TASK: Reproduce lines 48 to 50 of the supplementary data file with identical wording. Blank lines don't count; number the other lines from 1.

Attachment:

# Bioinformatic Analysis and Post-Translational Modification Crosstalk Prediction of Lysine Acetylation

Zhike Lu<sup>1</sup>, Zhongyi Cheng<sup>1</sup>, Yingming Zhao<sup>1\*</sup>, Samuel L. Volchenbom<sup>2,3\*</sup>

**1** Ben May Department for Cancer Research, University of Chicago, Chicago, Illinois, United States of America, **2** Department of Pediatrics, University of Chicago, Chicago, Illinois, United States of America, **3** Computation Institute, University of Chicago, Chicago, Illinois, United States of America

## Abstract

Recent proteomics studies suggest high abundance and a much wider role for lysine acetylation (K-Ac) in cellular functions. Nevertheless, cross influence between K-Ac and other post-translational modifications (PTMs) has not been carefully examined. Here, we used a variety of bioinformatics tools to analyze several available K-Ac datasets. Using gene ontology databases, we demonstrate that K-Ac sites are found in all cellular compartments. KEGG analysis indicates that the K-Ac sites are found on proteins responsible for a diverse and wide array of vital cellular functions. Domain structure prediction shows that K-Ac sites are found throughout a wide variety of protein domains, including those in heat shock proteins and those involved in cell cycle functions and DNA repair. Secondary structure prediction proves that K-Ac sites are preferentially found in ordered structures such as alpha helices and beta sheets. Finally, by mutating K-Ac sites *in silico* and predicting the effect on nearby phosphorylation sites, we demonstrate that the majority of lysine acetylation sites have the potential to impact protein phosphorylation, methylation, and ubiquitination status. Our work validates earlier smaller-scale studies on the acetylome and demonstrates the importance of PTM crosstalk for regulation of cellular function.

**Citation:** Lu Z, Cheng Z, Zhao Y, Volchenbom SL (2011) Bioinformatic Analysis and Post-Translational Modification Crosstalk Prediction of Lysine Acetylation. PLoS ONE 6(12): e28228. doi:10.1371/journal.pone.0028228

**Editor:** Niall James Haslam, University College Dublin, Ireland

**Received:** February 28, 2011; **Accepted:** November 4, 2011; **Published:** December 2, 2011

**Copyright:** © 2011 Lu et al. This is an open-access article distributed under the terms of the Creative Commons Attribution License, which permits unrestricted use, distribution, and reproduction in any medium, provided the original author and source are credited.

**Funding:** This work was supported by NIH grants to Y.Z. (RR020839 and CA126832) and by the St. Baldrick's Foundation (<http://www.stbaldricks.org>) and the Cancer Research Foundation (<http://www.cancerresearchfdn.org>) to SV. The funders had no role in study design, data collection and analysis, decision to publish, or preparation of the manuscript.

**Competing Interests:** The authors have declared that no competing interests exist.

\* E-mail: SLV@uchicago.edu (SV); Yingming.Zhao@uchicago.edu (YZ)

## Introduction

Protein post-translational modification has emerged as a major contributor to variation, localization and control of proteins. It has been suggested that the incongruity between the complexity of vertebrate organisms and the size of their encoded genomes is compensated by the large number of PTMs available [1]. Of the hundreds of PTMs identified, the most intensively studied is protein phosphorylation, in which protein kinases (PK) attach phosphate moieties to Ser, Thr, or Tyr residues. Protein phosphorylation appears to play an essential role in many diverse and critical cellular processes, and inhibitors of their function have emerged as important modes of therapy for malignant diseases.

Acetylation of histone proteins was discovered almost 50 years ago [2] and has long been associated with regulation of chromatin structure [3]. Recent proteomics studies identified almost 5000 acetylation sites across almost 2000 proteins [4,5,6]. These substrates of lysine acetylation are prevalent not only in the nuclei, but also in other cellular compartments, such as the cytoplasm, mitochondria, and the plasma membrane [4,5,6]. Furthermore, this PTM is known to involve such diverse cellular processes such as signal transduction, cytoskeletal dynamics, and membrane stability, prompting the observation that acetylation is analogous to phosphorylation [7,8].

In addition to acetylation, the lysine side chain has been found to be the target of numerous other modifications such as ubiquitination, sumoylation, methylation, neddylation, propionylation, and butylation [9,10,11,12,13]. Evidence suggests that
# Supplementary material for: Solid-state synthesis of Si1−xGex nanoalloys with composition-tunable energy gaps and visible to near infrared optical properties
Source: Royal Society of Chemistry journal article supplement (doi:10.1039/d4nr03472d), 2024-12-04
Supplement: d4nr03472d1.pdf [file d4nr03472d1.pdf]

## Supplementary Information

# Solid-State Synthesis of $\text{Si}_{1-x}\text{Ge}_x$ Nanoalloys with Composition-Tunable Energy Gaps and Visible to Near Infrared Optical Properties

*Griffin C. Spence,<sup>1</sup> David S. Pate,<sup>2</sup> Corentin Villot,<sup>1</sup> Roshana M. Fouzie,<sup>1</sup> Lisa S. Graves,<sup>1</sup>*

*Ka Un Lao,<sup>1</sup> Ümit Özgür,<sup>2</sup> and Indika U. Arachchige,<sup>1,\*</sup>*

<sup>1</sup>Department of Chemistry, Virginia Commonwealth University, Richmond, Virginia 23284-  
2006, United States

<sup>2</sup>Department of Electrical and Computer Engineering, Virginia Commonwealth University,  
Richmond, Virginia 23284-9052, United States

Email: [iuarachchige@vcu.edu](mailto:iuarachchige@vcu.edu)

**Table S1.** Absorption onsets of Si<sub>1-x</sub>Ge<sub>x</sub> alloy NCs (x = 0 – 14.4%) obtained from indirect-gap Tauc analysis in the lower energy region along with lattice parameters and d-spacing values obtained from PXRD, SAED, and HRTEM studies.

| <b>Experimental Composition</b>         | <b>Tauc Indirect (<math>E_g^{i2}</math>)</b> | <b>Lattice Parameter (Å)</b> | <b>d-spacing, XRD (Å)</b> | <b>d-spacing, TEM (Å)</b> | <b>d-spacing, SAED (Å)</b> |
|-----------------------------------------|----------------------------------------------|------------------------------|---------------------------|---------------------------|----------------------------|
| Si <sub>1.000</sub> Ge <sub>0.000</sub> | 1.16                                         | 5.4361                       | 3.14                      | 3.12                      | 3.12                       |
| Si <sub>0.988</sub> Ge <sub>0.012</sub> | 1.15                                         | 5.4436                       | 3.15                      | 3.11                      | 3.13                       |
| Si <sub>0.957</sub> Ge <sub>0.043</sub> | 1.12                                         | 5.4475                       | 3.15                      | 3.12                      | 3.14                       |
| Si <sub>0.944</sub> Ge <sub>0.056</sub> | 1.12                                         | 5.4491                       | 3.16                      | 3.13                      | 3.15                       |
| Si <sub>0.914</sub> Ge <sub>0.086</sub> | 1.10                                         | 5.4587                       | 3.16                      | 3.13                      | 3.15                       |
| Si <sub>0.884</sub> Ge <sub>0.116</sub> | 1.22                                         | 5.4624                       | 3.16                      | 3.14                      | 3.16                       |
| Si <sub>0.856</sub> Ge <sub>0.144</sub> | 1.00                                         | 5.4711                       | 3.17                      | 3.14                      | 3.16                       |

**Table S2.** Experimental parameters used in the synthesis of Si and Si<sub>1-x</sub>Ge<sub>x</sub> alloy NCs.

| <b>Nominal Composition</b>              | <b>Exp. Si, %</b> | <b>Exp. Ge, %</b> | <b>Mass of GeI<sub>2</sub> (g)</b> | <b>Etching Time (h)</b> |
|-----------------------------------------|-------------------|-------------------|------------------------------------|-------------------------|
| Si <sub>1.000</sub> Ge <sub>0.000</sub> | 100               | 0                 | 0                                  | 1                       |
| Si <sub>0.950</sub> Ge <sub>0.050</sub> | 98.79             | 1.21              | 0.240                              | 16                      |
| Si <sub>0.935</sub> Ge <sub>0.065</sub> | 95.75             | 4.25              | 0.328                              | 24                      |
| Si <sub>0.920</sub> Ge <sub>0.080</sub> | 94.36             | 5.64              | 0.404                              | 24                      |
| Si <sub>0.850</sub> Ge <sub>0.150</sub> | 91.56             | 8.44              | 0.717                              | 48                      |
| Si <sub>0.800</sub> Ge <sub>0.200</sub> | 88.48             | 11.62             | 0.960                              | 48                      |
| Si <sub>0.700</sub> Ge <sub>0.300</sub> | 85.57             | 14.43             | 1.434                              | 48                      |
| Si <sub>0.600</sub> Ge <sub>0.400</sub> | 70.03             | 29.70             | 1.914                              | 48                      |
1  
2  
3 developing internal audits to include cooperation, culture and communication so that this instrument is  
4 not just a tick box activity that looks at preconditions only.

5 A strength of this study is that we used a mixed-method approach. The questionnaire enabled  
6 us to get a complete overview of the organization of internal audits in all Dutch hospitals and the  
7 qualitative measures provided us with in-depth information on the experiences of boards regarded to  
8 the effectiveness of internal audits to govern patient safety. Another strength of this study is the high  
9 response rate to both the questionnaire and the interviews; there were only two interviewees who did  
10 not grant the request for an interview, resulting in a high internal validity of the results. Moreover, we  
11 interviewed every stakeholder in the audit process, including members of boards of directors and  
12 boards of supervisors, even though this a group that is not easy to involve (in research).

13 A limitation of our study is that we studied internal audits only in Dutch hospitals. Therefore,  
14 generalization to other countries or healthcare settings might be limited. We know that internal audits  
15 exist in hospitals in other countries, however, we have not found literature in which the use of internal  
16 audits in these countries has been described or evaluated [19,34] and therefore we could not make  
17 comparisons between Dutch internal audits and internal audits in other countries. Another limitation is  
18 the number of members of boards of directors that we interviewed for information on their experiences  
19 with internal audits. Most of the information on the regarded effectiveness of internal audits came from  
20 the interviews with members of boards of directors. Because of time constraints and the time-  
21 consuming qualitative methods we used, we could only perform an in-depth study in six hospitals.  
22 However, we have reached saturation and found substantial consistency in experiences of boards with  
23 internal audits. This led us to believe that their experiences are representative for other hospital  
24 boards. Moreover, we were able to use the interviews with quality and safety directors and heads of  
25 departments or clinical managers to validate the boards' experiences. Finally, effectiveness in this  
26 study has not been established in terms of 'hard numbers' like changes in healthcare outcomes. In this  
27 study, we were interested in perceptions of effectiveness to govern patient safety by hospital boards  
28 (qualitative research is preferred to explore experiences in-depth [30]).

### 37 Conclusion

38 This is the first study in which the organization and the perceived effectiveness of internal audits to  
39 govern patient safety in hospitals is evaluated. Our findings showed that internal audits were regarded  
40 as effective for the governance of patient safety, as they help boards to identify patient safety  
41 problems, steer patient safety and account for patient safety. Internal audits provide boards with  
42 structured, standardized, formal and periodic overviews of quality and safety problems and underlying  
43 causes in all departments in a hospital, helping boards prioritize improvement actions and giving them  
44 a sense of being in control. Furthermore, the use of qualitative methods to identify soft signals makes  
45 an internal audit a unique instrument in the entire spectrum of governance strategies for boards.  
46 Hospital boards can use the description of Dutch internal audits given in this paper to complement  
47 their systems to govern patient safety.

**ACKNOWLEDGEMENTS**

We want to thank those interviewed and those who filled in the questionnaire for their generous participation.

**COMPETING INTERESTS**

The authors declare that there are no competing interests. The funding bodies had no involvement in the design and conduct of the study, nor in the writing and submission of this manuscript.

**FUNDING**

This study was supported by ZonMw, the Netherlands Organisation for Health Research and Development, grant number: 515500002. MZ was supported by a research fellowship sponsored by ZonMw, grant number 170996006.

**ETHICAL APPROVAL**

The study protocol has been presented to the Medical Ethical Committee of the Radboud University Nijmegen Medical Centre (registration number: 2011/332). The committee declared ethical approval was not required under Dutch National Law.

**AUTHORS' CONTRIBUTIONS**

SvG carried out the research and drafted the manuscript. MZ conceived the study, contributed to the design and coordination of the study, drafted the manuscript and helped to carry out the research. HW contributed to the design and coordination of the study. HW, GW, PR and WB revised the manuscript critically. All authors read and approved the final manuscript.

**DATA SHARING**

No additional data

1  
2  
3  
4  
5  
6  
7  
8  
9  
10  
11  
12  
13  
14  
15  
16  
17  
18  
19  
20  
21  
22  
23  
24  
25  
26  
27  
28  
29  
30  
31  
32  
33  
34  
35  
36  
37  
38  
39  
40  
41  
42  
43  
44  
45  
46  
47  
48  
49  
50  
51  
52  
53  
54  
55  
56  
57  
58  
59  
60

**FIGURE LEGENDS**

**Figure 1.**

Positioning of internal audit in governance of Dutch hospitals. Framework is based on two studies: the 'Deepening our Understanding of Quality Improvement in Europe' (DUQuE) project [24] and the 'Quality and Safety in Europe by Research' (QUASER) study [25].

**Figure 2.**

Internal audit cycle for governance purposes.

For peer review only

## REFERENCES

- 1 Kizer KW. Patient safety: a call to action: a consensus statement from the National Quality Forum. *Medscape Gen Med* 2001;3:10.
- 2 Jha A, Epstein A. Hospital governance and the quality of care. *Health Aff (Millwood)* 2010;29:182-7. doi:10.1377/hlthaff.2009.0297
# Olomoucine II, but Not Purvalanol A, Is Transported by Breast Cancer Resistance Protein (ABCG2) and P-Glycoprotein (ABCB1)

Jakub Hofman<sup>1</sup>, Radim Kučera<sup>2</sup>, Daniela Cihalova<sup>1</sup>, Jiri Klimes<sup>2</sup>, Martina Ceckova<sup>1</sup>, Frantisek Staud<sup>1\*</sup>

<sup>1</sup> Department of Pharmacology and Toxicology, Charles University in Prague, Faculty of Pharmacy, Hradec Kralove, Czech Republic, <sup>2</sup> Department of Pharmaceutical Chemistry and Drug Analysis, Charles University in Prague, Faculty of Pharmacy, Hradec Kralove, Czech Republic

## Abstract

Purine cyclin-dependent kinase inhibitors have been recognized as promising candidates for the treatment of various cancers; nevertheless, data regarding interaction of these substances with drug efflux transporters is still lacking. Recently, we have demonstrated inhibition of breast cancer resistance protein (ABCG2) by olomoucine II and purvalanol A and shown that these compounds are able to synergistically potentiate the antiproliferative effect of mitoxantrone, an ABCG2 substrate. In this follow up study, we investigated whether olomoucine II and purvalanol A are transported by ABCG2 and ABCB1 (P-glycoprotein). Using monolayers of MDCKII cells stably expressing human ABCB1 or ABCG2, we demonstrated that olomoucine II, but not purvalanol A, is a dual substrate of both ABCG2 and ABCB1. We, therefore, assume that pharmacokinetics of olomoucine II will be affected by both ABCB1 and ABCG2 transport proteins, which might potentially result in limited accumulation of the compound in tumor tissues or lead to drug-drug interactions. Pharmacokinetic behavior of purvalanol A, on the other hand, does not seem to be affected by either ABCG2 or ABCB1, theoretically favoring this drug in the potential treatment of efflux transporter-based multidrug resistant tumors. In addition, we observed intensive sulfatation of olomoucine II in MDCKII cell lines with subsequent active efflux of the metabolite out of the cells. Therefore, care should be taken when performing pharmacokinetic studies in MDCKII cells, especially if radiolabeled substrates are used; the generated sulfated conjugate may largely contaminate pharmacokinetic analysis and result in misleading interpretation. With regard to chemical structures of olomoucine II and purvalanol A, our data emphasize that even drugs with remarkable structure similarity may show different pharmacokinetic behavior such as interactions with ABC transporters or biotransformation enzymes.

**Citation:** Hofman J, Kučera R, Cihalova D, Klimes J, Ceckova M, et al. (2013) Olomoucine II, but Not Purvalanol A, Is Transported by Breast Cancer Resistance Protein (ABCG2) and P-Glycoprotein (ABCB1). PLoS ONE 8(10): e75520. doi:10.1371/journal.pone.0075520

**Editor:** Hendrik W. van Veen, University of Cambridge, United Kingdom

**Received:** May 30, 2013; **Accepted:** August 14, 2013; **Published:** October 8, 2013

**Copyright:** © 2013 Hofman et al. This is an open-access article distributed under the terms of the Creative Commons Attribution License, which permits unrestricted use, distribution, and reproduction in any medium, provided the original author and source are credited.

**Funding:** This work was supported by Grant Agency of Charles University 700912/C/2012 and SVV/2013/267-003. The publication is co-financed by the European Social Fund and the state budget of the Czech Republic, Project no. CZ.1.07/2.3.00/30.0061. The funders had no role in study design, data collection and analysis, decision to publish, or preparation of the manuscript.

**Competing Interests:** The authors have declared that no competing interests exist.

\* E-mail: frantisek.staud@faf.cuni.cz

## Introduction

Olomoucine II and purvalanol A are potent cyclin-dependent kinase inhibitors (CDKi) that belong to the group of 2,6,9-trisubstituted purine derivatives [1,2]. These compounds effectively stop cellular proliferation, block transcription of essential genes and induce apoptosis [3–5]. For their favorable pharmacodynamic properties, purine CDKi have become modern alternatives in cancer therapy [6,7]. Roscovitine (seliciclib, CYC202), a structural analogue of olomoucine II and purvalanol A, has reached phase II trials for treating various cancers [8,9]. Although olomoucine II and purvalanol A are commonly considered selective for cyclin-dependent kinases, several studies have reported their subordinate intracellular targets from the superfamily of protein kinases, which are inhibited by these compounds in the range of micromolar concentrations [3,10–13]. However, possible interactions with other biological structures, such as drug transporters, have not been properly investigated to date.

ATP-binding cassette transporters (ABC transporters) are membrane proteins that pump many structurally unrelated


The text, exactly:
| Si <sub>0.700</sub> Ge <sub>0.300</sub> | 85.57             | 14.43             | 1.434                              | 48                      |
| Si <sub>0.600</sub> Ge <sub>0.400</sub> | 70.03             | 29.70             | 1.914                              | 48                      |
1  